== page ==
In VBA, you can create your own data types using the Type keyword. It’s very similar to struct data type from other programming languages.
It consists of one or multiple existing types into one new type. A good example of using this data types is a database record. If you want to keep a record of your employees, it’s a good idea to use the Type structure.
Type Employee first_name As String last_name As String id_number As Integer salary As Long End Type
A variable declared as Employee will have all these data types built-in. You declare user-defined types the same way as you declare standard built-in VBA types.
Dim emp As Employee
Now, you can access individual fields of this structure by using the dot (.) operator. You can assign a value to any of the Employee types.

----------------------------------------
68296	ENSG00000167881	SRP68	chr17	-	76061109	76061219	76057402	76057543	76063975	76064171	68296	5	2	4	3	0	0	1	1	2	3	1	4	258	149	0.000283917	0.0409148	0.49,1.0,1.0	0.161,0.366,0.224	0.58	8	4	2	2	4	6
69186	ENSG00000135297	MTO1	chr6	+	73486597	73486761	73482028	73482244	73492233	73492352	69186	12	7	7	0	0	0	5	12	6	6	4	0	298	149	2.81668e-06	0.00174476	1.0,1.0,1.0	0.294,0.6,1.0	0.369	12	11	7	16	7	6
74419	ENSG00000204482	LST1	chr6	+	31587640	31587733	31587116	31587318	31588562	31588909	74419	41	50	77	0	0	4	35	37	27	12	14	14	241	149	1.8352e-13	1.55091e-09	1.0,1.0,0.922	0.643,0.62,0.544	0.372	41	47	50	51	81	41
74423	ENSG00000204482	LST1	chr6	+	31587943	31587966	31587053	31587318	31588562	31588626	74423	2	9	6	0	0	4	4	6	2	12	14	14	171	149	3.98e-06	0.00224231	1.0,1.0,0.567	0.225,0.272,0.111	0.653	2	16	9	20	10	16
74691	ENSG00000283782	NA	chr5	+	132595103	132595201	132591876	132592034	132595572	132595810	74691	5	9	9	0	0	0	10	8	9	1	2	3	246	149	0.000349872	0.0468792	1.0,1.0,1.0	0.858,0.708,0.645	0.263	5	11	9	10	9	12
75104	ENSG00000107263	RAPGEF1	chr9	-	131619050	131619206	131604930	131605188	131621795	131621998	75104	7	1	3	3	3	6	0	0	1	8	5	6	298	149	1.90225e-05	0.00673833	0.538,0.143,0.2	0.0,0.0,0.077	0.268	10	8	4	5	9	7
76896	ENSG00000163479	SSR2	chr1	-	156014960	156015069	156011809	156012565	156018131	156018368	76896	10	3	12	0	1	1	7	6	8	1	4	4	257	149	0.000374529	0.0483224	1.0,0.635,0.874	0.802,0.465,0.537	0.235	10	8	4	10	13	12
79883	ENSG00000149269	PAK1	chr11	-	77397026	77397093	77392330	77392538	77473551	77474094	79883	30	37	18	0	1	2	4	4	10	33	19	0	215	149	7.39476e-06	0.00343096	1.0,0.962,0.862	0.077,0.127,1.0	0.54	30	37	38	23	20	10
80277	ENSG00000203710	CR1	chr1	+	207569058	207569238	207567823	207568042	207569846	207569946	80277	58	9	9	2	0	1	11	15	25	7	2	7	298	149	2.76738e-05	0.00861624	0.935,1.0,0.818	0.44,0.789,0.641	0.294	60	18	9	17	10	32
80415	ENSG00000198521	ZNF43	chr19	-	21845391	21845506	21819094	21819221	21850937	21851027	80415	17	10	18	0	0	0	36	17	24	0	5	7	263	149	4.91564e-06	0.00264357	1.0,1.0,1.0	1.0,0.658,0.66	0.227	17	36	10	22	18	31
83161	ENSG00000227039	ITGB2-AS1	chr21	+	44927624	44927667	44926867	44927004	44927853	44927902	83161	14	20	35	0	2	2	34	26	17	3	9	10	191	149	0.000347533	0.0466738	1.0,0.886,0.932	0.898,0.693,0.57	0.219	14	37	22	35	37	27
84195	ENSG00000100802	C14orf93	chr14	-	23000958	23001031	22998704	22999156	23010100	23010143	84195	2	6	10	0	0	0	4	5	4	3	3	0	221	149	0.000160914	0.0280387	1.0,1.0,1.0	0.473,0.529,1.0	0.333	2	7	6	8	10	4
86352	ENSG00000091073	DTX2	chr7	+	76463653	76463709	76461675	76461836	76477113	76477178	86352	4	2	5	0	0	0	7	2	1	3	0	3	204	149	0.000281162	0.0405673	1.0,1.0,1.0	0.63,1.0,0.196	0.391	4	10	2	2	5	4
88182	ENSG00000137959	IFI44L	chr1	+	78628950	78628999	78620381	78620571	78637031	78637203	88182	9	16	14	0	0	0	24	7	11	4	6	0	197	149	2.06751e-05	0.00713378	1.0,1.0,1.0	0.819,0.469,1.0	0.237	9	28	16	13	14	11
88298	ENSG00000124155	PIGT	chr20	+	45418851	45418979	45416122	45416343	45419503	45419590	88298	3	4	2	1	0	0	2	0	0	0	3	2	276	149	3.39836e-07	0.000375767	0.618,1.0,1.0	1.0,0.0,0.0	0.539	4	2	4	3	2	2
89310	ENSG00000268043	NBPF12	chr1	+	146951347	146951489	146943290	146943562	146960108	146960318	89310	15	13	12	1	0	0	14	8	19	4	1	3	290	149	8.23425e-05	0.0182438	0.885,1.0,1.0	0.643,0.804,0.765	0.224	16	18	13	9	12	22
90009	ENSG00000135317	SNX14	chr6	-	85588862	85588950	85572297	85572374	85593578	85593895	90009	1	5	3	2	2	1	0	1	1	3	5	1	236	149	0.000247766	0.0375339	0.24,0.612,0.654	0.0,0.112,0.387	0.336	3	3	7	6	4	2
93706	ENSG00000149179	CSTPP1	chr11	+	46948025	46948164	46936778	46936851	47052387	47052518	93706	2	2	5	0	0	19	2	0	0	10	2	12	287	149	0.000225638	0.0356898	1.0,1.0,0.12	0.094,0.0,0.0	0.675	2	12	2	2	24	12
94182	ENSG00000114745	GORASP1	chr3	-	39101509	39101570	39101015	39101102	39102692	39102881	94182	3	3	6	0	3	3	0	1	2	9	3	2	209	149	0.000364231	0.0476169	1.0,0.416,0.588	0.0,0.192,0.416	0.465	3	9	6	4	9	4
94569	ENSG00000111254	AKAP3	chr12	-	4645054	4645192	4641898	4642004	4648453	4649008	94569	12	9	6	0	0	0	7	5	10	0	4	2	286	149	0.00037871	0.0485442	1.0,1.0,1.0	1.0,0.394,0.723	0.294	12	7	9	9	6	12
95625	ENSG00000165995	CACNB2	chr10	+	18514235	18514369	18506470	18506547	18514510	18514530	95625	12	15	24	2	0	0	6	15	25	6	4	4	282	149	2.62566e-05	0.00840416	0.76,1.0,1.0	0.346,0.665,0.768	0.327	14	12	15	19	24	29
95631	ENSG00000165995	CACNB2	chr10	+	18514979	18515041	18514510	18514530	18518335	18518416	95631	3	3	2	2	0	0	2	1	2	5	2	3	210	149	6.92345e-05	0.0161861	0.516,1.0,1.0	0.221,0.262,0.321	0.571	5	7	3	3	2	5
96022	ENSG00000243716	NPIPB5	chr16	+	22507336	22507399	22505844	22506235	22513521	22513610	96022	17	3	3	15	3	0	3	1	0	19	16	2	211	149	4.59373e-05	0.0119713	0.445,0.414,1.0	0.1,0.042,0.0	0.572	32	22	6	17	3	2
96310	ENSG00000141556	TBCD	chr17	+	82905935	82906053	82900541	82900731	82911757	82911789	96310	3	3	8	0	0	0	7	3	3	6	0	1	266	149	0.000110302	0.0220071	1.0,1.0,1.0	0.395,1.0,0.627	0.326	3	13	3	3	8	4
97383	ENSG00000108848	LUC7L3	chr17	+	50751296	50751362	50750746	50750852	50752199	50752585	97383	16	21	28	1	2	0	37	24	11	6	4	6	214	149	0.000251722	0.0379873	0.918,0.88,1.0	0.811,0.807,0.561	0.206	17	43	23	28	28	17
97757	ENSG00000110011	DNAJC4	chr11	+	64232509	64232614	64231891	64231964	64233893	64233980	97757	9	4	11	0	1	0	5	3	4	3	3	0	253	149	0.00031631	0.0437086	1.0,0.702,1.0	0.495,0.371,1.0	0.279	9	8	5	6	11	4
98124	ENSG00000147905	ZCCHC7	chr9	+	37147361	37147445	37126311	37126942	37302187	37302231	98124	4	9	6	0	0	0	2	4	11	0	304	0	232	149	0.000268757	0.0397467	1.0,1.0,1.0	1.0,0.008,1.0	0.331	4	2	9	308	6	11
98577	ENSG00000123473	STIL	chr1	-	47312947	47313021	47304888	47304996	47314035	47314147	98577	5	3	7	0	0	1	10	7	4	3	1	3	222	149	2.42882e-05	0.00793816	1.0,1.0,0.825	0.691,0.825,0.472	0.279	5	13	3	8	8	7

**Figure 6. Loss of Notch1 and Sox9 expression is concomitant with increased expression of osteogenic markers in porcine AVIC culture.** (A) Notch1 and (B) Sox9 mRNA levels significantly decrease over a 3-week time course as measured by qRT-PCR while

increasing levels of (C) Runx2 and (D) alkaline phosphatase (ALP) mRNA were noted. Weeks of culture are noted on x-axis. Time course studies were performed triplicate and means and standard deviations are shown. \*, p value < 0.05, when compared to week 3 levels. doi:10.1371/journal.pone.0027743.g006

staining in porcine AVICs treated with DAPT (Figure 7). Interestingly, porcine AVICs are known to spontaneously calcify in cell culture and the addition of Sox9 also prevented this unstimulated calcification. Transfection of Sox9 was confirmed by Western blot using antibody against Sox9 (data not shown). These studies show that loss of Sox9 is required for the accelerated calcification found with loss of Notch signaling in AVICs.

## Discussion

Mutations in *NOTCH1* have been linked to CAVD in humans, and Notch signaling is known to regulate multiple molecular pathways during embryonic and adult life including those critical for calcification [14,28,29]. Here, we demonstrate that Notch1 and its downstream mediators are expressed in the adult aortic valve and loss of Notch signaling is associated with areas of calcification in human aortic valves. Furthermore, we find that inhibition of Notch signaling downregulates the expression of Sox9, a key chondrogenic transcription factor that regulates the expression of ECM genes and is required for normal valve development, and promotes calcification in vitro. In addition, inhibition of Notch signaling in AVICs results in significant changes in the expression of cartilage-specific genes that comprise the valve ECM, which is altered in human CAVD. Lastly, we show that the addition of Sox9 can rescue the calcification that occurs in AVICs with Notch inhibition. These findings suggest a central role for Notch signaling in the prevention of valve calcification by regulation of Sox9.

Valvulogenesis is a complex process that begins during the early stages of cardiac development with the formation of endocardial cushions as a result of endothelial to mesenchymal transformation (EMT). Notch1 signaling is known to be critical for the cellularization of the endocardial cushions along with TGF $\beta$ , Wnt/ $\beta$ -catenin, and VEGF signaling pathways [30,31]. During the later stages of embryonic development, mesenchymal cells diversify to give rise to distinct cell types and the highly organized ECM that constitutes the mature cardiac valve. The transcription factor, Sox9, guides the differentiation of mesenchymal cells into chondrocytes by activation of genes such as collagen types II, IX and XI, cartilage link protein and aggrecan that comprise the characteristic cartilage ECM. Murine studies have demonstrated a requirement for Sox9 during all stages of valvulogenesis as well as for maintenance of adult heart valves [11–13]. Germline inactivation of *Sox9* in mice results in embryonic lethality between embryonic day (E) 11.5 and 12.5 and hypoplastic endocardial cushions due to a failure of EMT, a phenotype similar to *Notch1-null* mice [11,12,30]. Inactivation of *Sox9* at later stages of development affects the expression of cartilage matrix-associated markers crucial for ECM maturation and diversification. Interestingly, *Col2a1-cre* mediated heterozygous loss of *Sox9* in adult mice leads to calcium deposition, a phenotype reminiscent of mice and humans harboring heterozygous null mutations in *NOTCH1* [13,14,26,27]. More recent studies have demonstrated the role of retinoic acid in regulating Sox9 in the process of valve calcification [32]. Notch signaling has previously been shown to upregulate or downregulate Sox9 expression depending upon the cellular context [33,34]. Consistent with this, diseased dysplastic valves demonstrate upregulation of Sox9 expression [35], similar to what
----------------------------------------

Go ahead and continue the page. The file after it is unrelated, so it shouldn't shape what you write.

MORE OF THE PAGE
emp.first_name = “John” emp.last_name = “Brown” emp.id_number = 1 emp.salary = 50000
Now, you can display these elements. In this example, we are going to do it inside MsgBox.
In order to run this function, you have to create a new module inside VBA editor (Left Alt + F11).
Copy the following code into the module you created.
Type Employee first_name As String last_name As String id_number As Integer salary As Long End Type Sub CheckEmployee() Dim emp As Employee emp.first_name = "John" emp.last_name = "Brown" emp.id_number = 1 emp.salary = 50000 MsgBox "Employee " + emp.first_name + " " + emp.last_name + ", identified by id " + CStr(emp.id_number) + " earns " + CStr(emp.salary) + " dollars a year." End Sub
The code is pretty straightforward. What probably needs explanation is the Long type in salary and the Cstr function used in MsgBox.
Long type is used, instead of Int because we deal with big numbers.
The Cstr function converts the numeral value into a string. Otherwise, the code will result in an error.
This code will return the following result.